### Use Quick Approximation for Problem-Solving

Problem-solving is another tricky giant in the GMAT exam which you must gear up for. Out of the many tricks you can use for problem-solving, the significant one is to use estimation and elimination for your answers. Let’s suppose that you need to multiply a number by a complex fraction like 12/45, which will come somewhere at 0.2. Here, you are not really required to find the exact answer by dividing this all the way, so, tick the choice which comes the most closer to 0.2 which will probably get you to the actual answer!

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**Try Backsolving **

Some problem-solving questions can be solved by working backwards rather than entering numbers of your own choosing. Plug in the answer options, solve the equation(s), then cross off the options that don’t balance. Usually, there is a faster way to get to the correct solution, however, this approach might come in handy when you don’t know how else to handle a specific problem. Backsolving is best approached by starting with the option or value that is in the middle of all the options. Even if it does not balance the equation, you will be able to distinguish if the number that would work is greater or lower.

**Some More GMAT Tips **

Now that you must have memorised all the above-mentioned maths tricks for your GMAT Quant section, here are some more tips that you must know while preparing for the same!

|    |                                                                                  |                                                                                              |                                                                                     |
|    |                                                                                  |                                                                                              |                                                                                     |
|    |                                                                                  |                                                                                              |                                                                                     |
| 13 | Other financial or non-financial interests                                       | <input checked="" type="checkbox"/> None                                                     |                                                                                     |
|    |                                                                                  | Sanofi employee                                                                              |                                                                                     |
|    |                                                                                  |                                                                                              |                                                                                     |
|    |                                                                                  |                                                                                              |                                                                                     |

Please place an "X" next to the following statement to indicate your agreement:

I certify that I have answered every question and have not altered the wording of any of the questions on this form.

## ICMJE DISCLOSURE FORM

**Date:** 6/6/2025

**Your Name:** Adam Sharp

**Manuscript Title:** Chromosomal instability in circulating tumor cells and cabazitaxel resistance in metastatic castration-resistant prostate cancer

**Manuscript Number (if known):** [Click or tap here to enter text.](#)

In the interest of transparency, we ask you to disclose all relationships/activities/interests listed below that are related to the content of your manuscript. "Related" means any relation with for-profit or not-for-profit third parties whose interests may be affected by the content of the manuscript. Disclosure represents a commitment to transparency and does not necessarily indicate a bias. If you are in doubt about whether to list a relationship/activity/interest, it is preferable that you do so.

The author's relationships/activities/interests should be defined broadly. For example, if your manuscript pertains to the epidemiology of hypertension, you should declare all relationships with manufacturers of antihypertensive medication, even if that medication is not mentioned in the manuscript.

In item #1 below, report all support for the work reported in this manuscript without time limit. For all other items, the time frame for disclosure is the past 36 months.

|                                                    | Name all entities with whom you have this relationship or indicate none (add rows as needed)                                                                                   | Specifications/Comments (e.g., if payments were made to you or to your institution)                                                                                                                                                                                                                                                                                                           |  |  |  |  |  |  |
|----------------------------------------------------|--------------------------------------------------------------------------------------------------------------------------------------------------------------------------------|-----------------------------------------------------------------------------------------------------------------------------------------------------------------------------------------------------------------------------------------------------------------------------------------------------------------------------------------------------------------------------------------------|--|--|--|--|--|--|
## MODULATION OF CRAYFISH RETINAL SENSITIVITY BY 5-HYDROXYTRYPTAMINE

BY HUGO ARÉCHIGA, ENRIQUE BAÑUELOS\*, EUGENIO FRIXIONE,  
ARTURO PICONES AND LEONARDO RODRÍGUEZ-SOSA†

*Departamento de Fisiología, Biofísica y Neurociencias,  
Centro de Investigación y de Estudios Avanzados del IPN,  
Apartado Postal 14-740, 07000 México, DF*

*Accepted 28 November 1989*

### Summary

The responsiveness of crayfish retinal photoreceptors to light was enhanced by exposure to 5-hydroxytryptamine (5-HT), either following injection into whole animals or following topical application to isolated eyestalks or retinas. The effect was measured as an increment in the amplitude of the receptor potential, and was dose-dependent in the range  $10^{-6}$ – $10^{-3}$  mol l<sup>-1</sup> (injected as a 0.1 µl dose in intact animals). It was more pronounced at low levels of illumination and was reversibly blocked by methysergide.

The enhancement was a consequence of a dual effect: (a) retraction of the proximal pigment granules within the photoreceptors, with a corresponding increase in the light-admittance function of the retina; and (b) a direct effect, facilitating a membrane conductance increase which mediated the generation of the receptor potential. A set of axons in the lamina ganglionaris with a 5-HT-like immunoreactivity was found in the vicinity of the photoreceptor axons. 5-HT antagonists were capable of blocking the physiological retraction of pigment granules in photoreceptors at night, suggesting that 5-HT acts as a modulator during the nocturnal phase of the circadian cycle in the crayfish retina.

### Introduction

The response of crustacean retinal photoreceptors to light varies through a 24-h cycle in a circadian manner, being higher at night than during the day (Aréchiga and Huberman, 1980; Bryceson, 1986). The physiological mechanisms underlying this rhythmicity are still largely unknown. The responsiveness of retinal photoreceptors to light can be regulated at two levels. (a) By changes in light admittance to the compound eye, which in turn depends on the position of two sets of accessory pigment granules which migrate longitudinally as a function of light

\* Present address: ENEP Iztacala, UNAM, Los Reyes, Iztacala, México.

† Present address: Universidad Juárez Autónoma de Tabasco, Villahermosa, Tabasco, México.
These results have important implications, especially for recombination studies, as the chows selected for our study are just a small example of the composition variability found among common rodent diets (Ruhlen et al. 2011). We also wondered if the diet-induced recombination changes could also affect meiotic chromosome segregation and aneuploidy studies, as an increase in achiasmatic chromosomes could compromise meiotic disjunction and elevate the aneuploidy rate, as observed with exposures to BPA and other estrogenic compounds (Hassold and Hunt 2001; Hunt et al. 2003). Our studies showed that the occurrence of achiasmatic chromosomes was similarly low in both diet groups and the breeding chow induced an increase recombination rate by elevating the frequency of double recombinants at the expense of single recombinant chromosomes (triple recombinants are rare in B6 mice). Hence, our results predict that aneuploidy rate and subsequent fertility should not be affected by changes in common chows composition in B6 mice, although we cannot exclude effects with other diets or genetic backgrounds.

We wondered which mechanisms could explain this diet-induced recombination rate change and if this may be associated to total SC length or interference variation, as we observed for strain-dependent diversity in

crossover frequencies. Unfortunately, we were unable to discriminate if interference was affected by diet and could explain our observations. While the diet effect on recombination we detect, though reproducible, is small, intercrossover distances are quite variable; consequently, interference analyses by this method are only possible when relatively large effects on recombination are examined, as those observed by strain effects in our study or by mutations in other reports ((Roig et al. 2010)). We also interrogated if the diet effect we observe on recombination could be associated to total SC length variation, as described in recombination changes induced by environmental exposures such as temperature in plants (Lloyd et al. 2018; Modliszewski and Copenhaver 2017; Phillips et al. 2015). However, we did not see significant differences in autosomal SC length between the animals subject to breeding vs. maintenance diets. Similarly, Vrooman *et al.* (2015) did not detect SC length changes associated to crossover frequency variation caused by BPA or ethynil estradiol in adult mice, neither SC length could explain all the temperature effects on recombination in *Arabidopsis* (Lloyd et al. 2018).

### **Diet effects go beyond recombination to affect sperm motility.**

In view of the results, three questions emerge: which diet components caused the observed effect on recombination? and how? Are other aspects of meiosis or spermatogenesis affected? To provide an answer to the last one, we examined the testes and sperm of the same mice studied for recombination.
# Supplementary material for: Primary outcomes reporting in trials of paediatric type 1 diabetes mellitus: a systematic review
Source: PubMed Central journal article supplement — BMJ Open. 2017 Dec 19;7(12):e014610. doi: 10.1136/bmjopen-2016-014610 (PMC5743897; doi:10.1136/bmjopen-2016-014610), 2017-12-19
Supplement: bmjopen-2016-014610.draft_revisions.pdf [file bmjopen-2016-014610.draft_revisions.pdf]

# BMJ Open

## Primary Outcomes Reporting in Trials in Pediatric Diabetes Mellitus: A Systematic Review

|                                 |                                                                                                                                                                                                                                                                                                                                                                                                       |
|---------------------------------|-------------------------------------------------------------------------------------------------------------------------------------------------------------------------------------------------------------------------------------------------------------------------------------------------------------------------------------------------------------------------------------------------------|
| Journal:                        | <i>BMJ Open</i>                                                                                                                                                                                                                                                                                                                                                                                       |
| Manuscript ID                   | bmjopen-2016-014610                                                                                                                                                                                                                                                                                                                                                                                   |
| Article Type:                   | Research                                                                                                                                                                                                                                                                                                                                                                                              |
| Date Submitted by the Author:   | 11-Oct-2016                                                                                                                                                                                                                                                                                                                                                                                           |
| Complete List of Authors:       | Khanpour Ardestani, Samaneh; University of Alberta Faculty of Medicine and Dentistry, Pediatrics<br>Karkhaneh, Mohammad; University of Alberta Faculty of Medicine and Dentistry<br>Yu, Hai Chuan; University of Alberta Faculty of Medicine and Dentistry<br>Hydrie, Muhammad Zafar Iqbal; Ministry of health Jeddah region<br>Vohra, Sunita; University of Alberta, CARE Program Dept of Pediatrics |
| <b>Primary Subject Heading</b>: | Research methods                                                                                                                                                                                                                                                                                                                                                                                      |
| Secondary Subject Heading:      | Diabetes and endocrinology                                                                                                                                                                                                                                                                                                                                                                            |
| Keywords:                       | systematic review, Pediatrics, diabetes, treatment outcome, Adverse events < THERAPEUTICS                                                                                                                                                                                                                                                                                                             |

- Learn
**Vedic Maths**strategies for multiplication, division, finding squares, square roots, cubes, and cube roots. - Avoid the use of calculators and do day-to-day computations mentally.
- Learn tables up to 35.
- For numbers up to 40, learn the squares, square roots, cubes, and cube roots.
- Improve your shortcuts! Because this section requires a lot of calculation, it’s always a good idea to know the shortcuts for common calculations and to use Vedic Maths techniques.
- Keep your formulae handy! To efficiently learn all of the key formulas, use flashcards.
- Practice is your best friend when it comes to the GMAT, especially for the quantitative section. For your practice, try to mimic an actual test-like setting. This will allow you to hone your capacity to perform well under pressure.

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Hence, we hope that this blog has provided you with some insightful and quick maths tricks to nail GMAT quant like a genie! If you are aiming to appear for GMAT this year, our** Leverage Edu **experts are here to provide you with essential guidance to prepare for every section of this test as well as exam day tips to crack it successfully and get into your chosen business school!